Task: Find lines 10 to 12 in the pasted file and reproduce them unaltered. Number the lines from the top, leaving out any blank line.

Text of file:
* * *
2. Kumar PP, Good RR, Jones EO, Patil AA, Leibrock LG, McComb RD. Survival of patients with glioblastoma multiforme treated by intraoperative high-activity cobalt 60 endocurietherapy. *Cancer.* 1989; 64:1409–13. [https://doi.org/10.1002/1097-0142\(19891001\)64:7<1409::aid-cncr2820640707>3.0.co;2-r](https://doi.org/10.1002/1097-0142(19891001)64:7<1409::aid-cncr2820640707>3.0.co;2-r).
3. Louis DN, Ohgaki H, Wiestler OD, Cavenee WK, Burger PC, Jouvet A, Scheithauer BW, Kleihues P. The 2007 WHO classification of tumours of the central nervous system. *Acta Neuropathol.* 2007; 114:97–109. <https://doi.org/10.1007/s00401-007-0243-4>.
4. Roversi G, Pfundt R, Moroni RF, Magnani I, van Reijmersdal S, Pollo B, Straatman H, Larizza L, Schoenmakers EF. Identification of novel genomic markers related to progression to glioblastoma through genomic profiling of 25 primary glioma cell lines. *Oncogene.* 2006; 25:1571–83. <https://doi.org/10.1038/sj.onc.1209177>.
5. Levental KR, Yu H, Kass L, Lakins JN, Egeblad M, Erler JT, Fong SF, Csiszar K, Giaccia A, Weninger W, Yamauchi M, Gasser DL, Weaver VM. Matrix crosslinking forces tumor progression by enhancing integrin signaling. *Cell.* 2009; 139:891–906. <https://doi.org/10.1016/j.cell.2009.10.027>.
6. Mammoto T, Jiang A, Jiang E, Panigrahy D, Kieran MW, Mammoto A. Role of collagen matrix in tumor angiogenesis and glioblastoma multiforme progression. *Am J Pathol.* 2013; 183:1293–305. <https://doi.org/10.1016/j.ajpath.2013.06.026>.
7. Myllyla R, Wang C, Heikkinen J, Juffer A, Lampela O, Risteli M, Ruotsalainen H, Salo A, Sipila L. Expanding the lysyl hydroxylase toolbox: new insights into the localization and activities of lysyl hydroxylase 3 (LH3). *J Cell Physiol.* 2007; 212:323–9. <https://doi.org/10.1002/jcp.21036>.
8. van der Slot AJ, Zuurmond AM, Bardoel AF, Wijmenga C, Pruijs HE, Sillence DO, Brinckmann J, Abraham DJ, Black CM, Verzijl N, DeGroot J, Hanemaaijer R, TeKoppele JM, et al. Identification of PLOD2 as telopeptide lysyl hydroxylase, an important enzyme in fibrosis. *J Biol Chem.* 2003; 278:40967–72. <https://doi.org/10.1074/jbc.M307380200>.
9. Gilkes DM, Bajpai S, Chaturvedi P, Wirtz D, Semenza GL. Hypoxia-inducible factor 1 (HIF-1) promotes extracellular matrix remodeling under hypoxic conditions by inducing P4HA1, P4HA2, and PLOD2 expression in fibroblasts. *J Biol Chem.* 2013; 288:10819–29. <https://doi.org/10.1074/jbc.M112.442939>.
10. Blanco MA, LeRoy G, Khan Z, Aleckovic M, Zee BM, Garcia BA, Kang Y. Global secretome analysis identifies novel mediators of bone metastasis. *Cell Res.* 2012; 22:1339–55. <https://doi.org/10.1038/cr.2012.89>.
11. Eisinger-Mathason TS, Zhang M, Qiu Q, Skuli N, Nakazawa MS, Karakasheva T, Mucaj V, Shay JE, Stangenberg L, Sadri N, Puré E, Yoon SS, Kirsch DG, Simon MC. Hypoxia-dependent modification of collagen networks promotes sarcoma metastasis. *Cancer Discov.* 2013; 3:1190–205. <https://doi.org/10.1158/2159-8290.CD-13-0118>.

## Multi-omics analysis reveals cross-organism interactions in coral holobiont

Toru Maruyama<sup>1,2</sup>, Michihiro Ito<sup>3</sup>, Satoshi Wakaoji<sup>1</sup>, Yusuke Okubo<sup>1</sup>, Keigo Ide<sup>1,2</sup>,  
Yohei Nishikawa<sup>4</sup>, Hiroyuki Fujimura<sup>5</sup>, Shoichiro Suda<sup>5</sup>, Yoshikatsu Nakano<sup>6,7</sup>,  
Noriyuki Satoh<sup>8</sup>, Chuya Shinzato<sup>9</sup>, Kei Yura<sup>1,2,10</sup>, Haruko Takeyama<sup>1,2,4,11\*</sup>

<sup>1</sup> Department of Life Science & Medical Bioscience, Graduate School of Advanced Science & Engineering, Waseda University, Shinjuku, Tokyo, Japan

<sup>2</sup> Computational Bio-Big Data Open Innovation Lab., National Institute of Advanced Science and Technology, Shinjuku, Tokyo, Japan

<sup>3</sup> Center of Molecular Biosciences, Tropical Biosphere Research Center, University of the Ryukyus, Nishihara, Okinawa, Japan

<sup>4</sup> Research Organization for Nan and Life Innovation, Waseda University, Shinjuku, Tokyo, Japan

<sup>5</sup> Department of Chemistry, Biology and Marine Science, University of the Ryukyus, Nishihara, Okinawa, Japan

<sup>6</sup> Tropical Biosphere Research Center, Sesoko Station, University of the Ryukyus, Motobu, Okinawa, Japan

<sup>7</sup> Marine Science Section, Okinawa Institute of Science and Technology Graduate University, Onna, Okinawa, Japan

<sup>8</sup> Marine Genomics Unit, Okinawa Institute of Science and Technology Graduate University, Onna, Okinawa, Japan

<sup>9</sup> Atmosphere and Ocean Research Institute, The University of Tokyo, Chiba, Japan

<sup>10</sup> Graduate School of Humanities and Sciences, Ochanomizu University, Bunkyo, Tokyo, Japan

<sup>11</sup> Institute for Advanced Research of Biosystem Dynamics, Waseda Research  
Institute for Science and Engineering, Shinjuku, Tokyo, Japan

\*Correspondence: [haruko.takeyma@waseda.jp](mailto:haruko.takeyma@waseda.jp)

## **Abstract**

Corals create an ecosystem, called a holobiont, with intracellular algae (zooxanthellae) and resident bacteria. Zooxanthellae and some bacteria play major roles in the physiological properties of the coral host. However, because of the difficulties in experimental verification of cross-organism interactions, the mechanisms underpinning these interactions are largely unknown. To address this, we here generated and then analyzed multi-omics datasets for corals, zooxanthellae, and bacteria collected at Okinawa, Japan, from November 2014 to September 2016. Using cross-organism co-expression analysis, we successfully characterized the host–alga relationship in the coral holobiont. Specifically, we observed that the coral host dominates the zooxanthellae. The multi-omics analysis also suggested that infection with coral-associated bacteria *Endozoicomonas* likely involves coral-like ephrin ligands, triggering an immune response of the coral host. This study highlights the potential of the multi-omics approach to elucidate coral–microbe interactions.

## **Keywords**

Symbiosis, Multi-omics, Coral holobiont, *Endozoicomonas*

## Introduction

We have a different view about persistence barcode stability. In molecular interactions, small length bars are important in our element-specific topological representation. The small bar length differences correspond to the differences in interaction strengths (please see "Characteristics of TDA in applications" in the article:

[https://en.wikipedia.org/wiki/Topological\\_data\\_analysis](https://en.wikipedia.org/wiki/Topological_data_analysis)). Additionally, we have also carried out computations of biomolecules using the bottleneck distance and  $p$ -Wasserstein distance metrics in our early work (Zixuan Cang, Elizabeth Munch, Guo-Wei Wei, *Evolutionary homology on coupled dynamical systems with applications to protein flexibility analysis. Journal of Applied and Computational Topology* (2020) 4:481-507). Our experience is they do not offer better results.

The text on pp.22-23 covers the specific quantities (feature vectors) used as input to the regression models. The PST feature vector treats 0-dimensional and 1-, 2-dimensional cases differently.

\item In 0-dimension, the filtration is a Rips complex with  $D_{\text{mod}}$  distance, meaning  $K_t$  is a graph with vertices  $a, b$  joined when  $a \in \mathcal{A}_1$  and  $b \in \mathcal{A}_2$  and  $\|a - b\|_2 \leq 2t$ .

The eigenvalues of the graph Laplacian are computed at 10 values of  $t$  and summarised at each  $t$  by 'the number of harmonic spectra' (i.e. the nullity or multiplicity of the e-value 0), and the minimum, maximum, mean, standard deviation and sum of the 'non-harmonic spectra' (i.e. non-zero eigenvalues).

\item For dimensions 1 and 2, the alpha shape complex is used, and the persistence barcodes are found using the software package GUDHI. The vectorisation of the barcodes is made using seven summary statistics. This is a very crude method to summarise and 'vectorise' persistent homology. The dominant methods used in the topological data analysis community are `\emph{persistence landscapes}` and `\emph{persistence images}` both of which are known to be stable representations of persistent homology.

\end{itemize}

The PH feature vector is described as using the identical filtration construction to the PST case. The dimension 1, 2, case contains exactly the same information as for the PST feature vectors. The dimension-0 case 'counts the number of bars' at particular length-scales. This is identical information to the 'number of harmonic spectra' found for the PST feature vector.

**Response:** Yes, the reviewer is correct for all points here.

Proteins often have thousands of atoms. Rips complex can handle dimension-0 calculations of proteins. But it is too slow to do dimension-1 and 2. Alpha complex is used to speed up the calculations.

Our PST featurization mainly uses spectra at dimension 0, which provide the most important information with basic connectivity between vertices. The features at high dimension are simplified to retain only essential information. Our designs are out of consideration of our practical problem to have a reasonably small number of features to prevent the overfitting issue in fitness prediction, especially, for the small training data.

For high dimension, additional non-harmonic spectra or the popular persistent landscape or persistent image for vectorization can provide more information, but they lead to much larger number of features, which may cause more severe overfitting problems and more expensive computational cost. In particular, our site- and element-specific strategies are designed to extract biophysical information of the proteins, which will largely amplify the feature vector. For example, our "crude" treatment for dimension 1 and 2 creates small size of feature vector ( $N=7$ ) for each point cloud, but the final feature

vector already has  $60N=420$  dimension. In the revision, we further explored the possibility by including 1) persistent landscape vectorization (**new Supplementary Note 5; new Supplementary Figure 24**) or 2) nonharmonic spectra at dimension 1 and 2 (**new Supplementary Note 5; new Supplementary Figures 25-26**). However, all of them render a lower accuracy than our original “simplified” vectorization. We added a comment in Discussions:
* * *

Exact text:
11. Eisinger-Mathason TS, Zhang M, Qiu Q, Skuli N, Nakazawa MS, Karakasheva T, Mucaj V, Shay JE, Stangenberg L, Sadri N, Puré E, Yoon SS, Kirsch DG, Simon MC. Hypoxia-dependent modification of collagen networks promotes sarcoma metastasis. *Cancer Discov.* 2013; 3:1190–205. <https://doi.org/10.1158/2159-8290.CD-13-0118>.

## Multi-omics analysis reveals cross-organism interactions in coral holobiont

Toru Maruyama<sup>1,2</sup>, Michihiro Ito<sup>3</sup>, Satoshi Wakaoji<sup>1</sup>, Yusuke Okubo<sup>1</sup>, Keigo Ide<sup>1,2</sup>,  